Molecular dynamics (MD) simulations of fracture in crystalline silicon are conducted in order to determine the dynamic fracture toughness. The MD simulations show how the potential energy released during fracture is partitioned into surface energy, energy stored in defects and kinetic energy. First, the MD fracture simulations are shown to produce brittle fracture and be in reasonable agreement with experimental results. Then dynamic fracture toughness is calculated as the sum of the surface energy and the energy stored as defects directly from the MD models. Models oriented to produce fracture on either (111) or (101) planes are used. For the (101) fracture orientation, equilibrium crack speeds of greater than 80% of the Rayleigh wave speed are obtained. Crack speeds initially show a steep increase with increasing energy release rate followed by a much more gradual increase. No plateau in crack speed is observed for static energy release rates up to 20 J/m2. At the point where the change in crack speed behavior occurs, the dynamic fracture toughness (Jd) is still within 10% of two times the surface energy (2γ0) and changing very slowly. From these MD simulations, it appears that the change in crack speed behavior is due to a change in the kinetic energy generation during dynamic fracture. In addition, MD simulations of facture in silicon with defects were conducted. The addition of defects increases the inelastic dissipation and the energy stored in defects.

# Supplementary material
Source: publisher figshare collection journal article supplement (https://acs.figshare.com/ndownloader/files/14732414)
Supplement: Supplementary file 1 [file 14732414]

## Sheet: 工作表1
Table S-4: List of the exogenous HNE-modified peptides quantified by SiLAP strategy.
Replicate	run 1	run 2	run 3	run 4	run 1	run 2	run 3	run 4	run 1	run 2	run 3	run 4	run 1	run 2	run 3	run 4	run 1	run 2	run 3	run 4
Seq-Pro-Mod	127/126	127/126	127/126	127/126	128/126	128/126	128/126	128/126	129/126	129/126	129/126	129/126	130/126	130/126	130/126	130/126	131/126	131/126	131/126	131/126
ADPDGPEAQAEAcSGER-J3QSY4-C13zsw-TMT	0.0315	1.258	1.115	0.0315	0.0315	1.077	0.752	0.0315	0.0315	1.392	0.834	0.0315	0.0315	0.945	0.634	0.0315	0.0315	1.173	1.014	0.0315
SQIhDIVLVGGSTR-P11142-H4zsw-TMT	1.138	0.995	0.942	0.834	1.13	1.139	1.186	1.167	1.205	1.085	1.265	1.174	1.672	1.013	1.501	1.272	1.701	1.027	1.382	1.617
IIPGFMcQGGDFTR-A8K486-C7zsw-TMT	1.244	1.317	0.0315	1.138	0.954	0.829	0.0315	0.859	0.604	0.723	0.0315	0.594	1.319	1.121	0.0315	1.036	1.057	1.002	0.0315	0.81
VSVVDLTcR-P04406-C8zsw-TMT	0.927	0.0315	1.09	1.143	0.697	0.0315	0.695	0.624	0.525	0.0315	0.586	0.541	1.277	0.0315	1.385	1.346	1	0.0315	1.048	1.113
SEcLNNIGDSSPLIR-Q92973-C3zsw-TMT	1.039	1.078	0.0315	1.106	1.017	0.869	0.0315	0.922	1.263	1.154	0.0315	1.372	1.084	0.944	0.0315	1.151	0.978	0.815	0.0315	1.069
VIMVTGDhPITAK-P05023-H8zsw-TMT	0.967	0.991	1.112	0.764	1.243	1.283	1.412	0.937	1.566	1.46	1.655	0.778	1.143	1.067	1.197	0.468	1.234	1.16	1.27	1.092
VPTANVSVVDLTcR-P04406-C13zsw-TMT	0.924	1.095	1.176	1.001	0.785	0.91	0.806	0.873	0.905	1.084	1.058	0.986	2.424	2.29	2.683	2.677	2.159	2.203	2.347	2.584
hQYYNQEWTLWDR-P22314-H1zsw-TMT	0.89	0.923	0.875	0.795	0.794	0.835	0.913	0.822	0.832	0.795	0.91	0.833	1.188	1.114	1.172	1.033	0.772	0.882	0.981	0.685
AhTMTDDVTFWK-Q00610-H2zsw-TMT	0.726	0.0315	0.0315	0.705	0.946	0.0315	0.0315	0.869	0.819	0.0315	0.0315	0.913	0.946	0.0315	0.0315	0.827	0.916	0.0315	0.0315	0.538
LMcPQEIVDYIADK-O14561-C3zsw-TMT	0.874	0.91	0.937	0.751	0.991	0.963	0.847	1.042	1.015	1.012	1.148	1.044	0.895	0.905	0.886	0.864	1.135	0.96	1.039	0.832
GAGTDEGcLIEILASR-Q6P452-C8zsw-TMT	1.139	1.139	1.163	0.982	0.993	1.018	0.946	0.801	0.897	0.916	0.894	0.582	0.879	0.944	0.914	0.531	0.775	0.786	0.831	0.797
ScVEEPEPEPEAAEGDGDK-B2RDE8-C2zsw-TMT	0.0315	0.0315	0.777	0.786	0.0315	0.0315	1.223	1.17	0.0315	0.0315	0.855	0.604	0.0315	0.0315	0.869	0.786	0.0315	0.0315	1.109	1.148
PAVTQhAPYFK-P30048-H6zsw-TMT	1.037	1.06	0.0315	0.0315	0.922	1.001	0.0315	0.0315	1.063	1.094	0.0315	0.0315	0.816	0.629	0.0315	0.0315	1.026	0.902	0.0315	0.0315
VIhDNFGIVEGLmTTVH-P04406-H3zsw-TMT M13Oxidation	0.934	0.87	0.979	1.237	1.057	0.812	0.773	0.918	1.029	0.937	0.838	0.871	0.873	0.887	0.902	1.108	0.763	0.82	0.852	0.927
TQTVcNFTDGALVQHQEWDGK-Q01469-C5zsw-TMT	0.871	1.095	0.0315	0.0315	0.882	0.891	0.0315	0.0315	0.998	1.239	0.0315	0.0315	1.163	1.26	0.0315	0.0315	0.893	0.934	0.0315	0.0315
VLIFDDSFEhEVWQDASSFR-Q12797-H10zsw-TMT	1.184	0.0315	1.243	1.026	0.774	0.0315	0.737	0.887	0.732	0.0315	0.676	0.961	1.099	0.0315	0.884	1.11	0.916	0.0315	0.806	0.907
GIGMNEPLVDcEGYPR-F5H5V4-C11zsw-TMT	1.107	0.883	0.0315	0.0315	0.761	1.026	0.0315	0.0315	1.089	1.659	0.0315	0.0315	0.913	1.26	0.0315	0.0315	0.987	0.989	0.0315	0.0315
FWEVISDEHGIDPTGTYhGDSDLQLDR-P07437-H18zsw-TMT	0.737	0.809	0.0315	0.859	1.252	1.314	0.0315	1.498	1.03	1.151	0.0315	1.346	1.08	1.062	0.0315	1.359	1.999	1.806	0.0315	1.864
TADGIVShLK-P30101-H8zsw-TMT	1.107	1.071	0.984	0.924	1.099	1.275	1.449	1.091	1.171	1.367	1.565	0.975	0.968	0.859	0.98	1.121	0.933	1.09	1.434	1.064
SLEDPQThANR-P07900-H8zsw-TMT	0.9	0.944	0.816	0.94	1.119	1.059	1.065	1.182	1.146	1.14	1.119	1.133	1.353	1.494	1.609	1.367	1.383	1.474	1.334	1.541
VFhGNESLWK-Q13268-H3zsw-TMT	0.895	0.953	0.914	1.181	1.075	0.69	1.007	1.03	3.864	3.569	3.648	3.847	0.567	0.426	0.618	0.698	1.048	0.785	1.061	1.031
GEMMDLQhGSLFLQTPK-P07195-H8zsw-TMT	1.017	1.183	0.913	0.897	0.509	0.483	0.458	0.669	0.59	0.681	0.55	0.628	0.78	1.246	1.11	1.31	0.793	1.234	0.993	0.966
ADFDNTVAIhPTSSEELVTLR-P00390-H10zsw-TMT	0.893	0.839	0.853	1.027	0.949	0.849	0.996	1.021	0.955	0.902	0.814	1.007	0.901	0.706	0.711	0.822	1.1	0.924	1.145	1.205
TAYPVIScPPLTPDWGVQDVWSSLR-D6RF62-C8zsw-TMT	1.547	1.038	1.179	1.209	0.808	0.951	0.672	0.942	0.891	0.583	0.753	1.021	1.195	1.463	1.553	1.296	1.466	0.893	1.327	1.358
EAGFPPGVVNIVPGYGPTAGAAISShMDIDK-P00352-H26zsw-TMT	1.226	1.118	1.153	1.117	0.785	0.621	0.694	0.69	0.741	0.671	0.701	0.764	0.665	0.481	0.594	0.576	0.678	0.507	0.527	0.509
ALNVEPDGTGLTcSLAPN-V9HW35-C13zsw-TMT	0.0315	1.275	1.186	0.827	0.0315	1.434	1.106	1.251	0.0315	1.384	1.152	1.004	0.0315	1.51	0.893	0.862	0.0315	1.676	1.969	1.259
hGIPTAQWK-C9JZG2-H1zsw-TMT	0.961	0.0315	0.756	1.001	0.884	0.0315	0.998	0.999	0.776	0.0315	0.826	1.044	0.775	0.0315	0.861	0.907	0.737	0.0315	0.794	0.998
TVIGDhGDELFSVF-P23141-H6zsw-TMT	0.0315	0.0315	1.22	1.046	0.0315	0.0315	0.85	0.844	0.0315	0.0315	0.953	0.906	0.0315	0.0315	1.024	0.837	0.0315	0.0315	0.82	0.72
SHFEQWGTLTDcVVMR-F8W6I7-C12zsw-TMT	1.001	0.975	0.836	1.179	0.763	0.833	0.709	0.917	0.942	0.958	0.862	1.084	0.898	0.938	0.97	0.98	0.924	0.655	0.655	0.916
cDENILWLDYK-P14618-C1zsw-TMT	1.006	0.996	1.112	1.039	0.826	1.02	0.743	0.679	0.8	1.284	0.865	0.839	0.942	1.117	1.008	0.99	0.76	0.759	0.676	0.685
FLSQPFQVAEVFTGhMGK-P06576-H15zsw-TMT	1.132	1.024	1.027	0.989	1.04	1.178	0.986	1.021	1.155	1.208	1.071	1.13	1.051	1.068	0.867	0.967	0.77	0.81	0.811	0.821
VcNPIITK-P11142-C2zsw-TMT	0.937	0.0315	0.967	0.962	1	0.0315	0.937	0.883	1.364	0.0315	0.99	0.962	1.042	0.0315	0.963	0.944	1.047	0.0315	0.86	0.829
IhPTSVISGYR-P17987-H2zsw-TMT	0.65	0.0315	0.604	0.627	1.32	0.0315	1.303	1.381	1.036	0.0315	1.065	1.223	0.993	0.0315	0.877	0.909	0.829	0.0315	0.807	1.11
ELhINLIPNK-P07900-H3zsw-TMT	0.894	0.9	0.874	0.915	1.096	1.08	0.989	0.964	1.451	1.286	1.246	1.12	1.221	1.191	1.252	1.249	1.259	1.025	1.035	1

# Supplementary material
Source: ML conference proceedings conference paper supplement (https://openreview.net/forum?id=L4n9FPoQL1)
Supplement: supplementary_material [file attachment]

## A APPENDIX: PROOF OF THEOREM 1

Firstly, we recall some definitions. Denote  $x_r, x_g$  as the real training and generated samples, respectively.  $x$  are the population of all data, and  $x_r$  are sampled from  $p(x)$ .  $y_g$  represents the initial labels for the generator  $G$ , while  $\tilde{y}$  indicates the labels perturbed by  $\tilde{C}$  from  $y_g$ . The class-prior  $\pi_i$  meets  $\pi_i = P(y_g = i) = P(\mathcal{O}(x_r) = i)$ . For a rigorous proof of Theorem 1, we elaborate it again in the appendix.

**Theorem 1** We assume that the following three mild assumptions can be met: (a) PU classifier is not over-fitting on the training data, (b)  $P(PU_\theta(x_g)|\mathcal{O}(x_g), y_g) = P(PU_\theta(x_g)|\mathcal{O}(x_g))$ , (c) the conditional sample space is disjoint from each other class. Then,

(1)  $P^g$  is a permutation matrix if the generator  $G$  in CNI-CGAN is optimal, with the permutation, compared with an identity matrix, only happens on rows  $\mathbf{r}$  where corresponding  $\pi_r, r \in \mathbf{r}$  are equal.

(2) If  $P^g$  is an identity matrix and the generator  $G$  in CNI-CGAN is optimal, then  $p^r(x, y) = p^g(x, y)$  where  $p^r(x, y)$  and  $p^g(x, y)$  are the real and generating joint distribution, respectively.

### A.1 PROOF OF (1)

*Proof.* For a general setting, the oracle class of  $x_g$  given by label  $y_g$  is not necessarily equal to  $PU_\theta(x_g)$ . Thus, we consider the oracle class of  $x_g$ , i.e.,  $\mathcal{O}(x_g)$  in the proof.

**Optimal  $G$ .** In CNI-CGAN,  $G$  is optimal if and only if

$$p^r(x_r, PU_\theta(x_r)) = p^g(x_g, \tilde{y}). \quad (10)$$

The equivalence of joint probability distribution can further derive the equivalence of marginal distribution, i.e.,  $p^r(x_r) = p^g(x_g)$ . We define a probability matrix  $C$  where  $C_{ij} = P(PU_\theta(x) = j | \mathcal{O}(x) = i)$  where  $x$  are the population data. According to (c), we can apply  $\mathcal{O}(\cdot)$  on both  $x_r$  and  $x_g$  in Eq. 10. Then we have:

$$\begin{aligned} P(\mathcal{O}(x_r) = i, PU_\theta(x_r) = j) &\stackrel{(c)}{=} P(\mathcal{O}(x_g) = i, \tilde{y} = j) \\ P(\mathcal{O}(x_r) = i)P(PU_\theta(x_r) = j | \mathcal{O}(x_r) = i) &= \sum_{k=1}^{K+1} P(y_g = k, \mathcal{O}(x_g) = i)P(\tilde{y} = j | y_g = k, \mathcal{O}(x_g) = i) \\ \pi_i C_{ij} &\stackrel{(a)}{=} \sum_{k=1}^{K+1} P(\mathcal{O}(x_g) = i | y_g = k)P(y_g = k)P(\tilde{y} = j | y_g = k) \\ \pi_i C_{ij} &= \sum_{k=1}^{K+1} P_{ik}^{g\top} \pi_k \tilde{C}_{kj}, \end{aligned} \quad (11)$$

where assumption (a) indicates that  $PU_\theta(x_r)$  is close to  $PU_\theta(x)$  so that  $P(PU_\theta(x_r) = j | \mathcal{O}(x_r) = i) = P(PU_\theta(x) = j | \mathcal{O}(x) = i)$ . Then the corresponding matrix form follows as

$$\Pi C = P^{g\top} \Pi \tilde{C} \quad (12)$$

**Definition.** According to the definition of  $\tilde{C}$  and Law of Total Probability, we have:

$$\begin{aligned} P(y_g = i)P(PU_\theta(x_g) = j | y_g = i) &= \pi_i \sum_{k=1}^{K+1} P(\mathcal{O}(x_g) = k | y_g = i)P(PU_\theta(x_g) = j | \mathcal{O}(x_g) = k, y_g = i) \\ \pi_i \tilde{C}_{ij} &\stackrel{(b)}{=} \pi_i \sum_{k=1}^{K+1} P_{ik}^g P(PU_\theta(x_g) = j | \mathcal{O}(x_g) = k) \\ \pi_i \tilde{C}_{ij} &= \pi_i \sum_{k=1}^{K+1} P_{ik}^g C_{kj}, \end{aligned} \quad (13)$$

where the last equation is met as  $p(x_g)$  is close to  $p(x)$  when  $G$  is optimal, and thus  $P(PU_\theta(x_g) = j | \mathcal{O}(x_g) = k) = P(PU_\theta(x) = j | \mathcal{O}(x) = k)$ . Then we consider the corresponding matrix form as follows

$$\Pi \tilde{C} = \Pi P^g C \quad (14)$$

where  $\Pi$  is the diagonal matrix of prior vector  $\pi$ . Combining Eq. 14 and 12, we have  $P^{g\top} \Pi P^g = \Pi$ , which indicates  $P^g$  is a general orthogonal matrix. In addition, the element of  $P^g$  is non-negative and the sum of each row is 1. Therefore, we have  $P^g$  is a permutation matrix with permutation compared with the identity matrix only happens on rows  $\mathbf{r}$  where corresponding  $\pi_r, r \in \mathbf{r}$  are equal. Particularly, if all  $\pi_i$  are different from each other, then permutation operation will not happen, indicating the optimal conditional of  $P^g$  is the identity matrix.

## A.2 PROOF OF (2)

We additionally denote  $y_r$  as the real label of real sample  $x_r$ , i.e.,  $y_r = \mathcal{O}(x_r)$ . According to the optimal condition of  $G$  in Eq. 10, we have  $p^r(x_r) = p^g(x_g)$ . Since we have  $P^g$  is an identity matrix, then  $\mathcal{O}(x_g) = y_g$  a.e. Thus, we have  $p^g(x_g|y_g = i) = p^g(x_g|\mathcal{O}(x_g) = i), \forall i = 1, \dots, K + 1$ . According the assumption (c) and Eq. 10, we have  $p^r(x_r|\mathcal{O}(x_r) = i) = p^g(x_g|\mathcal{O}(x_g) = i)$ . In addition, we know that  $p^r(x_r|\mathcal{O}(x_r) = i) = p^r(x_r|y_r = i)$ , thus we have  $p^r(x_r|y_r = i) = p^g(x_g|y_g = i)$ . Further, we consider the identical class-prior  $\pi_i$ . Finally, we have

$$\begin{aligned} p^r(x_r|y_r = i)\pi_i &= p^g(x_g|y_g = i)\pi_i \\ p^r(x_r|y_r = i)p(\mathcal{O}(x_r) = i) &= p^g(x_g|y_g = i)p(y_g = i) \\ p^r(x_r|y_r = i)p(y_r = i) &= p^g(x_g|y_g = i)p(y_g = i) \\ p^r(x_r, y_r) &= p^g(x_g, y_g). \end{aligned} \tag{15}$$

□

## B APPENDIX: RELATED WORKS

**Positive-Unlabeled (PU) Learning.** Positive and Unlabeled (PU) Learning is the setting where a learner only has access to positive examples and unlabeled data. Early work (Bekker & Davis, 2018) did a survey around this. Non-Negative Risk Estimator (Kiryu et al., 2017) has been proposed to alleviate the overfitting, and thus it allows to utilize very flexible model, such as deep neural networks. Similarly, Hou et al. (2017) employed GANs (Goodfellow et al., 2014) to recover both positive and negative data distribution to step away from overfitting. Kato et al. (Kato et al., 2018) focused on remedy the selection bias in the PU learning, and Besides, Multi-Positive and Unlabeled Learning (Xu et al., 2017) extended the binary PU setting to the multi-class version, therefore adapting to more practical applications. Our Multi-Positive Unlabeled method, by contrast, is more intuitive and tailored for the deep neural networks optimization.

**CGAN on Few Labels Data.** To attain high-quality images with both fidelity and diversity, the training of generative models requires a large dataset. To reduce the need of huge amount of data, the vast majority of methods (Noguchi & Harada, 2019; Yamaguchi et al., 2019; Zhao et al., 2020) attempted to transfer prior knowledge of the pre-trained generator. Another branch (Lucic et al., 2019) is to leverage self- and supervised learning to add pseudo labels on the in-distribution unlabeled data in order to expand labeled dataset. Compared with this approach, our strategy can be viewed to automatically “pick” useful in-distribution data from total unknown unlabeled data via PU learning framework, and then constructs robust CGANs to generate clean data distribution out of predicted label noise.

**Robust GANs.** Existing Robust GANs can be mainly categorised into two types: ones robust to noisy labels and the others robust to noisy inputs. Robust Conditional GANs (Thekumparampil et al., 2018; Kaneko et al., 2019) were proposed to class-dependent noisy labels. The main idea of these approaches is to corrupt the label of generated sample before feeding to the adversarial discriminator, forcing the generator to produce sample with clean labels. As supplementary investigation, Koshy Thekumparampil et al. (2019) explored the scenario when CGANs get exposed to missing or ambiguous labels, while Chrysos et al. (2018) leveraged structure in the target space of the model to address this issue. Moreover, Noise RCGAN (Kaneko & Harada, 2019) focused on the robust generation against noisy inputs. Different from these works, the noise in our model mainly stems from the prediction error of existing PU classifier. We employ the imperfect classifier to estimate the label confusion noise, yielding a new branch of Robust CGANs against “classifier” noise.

|Title of host publication||11th International Conference on Fracture 2005, ICF11|
|Number of pages||6|
|Publication status||Published - 1 Dec 2005|
|Event||11th International Conference on Fracture 2005, ICF11 - Turin, Italy|
Duration: 20 Mar 2005 → 25 Mar 2005
|Conference||11th International Conference on Fracture 2005, ICF11|
|Period||20/03/05 → 25/03/05|